NEW YORK (TheStreet) -- There's no doubt mobile banking is growing. Data from the Federal Reserve show 51% of U.S. smartphone users have used mobile banking in the past year, and 12% who don't use it now say they will next year.
But mobile banking won't reach its full potential until there's an answer for a major consumer anxiety: Banks that fail to secure their personal data.
So says Deloitte in a study released Tuesday, Raising the Bar on Customer Engagement Through Mobile Financial Services.
Of all smartphone owners who don't use mobile banking, 61% say it's because of "security" issues, and consumers who do use mobile banking limit it to "routine transactions," Deloitte says -- because about 33% of consumers just don't trust Wi-Fi security, and 28% worry they will lose their mobile phones and their personal financial data in the process.
But the banking industry, working with technology providers, have a security plan for mobile banking users.
"There are tremendous opportunities for innovation within financial services still, whether in video, biometrics and GPS," says Jim Eckenrode, executive director of the Deloitte Center for Financial Services. "The industry which has already spilled a lot of blood, sweat and tears in this area has merely scratched the surface in using mobile technologies to connect and strengthen relationships with customers."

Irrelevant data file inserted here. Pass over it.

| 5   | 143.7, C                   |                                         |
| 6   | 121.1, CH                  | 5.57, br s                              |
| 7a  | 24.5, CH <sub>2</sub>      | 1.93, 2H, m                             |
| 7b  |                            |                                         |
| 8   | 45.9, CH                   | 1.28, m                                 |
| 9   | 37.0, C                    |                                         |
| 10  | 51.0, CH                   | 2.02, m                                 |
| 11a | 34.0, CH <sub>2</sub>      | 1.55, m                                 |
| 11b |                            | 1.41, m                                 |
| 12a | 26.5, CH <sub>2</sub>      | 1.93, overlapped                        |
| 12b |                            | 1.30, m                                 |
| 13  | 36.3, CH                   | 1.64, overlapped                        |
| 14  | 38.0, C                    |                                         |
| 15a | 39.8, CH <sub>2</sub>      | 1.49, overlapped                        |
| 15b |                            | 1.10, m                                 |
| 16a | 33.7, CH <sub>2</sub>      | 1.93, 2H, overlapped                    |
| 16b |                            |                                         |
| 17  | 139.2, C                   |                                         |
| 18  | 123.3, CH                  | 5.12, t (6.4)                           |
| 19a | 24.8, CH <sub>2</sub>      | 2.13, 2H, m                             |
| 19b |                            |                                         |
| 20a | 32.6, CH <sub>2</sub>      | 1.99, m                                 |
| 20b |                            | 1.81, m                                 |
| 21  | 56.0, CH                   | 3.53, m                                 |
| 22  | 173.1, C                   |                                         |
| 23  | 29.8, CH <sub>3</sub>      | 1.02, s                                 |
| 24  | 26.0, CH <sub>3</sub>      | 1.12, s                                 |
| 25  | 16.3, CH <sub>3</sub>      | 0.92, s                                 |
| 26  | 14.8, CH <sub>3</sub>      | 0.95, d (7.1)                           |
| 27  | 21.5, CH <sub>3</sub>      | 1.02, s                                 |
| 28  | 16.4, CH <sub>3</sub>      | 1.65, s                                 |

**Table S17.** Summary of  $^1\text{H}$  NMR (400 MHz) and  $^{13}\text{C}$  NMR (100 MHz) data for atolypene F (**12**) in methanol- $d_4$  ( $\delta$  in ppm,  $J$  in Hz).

"The biggest area of opportunity seems to be in the security area, rather than a certain mobile app or a new shiny feature," Eckenrode says. "To boost adoption and set the stage for more ambitious applications, companies will likely have to take tangible steps to reassure consumers about the security of their mobile financial transactions."